Students at Wilson K-8 School learned Thursday that Veterans Day means more than a day off from classes.

"Veterans Day is a day for all of us to honor and show our appreciation for veterans who served in the military and thank soldiers who are still serving today," eighth-grader Josh Baca told the elementary school children gathered for an assembly at the Oro Valley school.

Joining the kindergarten through fifth-grade students were members of Operation Copper Cactus, comprised of members of the Arizona National Guard whose mission is to protect the Southwest United States Border, as well as veterans who live locally; many were related to a Wilson student.

The assembly was the brainchild of teachers Niki Tilicki and Holly Bedford, who wanted students to understand why Americans celebrate Veterans Day.

One of the catalysts for the gathering was Bedford's daughter, who had seen a YouTube video of the song, "Thank You, Soldiers," by Michael and Angela Souders.

"She told Holly, you have to watch this," said Tilicki.

The song's touching lyrics and a Skype feed to U.S. soldiers serving in Iraq formed the core of the assembly.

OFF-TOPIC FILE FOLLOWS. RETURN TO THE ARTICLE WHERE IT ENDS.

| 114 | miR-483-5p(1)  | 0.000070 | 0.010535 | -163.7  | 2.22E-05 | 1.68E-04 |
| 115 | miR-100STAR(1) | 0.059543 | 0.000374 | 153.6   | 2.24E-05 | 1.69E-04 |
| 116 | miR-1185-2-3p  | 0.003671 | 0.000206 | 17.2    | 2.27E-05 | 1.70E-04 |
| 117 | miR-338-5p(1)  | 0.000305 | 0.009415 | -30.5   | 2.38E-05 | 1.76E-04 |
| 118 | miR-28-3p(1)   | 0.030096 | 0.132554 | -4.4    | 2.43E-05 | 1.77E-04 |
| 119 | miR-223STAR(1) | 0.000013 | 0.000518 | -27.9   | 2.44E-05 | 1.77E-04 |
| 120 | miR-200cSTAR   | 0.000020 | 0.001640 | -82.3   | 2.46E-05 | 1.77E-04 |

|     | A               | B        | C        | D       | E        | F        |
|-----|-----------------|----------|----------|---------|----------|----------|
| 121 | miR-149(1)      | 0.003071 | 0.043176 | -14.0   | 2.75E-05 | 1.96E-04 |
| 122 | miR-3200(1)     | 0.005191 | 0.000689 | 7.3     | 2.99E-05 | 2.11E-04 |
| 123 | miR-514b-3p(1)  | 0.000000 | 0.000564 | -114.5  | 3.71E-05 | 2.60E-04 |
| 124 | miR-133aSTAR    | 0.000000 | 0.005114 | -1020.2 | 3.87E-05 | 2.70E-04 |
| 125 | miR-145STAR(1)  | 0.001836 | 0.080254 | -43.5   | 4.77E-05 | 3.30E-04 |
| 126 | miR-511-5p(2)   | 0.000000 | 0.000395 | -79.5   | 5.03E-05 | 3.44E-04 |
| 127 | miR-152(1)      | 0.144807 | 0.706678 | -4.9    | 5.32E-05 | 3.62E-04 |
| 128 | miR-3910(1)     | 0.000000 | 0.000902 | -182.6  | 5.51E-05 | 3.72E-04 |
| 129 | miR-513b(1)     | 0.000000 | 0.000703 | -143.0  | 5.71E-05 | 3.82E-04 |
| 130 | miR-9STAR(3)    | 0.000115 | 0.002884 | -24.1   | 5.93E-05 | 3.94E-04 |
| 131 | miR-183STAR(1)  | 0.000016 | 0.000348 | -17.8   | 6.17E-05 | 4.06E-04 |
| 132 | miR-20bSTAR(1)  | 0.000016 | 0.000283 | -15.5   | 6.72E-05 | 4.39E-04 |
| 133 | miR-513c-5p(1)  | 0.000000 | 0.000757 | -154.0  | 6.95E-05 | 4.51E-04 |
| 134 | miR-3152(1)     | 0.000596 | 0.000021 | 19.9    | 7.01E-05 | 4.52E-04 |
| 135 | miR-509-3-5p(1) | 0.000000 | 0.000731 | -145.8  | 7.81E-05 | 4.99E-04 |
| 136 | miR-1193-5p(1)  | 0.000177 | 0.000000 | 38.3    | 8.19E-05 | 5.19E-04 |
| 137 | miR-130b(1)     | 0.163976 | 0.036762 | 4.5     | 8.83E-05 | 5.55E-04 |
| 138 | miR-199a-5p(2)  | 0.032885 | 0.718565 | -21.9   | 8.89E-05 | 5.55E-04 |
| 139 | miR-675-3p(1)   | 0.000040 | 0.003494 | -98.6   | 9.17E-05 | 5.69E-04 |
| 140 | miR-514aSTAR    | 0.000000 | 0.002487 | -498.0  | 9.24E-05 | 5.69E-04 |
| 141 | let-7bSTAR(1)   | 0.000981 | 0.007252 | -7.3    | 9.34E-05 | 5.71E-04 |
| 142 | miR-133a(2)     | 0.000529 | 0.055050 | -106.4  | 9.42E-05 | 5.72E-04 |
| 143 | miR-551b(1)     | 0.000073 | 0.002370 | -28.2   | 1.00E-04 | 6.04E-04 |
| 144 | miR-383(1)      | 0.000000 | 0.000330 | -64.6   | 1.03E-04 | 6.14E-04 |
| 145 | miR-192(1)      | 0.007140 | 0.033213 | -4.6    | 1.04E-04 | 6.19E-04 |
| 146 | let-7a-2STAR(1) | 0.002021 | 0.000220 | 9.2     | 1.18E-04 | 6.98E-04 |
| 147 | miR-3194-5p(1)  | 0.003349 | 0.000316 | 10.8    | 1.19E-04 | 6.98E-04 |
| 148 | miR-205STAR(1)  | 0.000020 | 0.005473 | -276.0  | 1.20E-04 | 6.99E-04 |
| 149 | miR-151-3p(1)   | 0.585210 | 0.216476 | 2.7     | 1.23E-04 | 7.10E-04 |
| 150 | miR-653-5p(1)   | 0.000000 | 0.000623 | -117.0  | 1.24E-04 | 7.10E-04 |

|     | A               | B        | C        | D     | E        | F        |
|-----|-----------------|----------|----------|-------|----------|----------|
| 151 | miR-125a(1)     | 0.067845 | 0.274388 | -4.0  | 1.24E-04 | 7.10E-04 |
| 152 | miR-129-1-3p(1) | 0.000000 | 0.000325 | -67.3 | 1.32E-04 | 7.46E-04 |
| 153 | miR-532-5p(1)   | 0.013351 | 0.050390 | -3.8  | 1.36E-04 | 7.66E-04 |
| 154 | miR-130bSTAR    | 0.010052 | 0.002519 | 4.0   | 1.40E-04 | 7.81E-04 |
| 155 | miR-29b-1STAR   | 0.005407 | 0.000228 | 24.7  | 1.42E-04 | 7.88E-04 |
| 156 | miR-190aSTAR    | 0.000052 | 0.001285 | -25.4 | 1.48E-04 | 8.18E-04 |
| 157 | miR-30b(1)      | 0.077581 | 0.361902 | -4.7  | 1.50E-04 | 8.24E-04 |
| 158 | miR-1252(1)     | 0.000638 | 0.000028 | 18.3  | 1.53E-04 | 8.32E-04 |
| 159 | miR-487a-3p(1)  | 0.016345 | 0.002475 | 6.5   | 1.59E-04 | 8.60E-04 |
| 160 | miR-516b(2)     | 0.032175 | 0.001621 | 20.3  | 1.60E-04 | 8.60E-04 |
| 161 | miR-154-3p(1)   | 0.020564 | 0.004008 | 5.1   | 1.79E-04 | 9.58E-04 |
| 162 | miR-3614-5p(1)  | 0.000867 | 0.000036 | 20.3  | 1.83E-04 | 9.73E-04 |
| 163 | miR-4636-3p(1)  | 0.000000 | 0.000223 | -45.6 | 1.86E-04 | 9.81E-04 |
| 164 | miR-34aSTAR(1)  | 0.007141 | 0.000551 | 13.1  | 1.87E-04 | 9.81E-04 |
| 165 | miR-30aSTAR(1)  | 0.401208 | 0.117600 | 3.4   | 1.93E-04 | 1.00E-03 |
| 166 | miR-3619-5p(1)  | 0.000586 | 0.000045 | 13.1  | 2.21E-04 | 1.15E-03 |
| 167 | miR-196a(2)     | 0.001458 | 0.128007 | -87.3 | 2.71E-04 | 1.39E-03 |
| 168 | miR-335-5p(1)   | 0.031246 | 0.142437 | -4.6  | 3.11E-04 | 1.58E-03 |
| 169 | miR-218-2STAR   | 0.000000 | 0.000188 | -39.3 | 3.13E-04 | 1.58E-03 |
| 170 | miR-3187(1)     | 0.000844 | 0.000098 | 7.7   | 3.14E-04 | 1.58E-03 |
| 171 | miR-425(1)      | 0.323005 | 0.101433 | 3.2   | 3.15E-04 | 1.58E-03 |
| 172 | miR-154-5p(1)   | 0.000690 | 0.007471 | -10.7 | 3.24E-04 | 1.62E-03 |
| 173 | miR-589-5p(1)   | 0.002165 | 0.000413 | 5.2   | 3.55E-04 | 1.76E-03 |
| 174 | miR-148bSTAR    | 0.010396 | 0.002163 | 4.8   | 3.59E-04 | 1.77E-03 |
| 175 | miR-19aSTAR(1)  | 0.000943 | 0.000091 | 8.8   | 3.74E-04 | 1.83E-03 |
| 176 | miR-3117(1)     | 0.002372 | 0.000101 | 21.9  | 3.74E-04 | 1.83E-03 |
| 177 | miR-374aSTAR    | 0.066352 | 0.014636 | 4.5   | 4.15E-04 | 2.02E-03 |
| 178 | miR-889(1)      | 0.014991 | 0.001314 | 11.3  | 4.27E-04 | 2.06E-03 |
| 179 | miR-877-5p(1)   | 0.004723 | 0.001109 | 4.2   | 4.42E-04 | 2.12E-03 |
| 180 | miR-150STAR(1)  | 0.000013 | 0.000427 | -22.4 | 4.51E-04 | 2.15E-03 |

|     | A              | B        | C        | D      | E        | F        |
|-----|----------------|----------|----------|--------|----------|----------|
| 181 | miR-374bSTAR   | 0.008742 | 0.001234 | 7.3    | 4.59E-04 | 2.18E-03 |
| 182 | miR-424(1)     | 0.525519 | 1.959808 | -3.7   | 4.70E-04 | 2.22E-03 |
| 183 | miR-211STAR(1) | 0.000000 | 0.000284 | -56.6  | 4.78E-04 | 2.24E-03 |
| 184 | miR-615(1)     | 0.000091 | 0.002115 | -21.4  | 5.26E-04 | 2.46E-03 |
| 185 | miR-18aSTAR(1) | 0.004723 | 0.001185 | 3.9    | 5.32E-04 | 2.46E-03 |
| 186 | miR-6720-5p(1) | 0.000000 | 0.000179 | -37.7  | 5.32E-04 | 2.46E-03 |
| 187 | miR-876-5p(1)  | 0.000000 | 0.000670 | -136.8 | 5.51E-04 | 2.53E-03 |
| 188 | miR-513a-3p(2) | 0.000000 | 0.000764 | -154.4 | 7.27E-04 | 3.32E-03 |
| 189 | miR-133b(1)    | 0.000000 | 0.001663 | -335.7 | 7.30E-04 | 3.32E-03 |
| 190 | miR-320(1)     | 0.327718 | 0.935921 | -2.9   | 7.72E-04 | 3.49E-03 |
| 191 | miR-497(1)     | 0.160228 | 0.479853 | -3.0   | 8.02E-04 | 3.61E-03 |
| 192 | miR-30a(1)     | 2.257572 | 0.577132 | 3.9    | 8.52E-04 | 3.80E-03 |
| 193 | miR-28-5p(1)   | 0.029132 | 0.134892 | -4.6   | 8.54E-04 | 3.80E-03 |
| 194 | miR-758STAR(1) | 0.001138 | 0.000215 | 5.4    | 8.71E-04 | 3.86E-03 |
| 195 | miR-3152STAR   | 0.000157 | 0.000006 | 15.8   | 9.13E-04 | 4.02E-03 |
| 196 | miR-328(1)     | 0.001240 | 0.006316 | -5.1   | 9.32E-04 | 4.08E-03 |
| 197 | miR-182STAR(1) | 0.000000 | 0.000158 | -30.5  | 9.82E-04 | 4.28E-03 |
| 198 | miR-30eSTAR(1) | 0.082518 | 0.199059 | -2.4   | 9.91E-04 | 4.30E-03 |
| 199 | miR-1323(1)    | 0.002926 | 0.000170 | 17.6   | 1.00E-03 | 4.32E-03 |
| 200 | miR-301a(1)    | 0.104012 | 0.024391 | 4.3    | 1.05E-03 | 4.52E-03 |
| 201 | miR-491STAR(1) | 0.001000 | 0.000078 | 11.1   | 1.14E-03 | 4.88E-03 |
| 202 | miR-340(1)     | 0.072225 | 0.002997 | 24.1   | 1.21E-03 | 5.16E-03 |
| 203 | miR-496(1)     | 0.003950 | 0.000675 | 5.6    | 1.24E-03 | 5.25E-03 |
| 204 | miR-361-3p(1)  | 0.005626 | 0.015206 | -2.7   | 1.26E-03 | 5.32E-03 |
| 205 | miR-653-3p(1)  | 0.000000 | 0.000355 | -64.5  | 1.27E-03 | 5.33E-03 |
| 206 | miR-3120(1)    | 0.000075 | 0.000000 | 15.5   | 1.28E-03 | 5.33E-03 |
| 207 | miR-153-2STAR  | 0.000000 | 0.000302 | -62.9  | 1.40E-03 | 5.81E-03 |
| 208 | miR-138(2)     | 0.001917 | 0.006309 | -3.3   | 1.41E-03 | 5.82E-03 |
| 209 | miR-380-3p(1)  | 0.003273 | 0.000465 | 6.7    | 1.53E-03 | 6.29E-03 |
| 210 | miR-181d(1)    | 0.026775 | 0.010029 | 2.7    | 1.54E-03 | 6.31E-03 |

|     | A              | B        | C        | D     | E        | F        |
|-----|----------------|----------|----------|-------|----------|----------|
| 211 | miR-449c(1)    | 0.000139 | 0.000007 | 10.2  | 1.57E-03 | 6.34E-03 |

"I've never reached kids with what Veterans Day means as well as this assembly did," Tilicki said, herself moved by the emotional responses of the children as well as the normally stoic visitors from the military. "I asked one of our students, a 10-year-old, if the song made him sad, and he replied, 'No, it makes me feel proud!'"

The veterans and active duty military in attendance appreciated the opportunity to teach children about military service.

"It's important for today's youth to learn respect for their country and military, and be proud to live in the U.S.," said Duane Enos, a retired Navy petty officer who is now a Tucson police officer.

"I'm glad that kids will know that service is not just about having a job and getting a paycheck. It's about doing something for your country," said Army Staff Sgt. Alfredo Beltran.

Other veterans had more personal reasons for attending.

"My kids asked me to be here," said Richard Bosey, an Air Force veteran whose three children attend Wilson and were at the assembly. Another veteran, Jim Ross, drove in from San Manuel at the request of his grandson, who attends Wilson.

During the Skype feed, children thanked the American soldiers in Iraq for "fighting for our freedom." They then sang the "Thank You, Soldier" song, which the soldiers were able to hear thanks to the Skype feed.

"Thank you for all your support," the soldiers responded. "We're looking forward to getting home."


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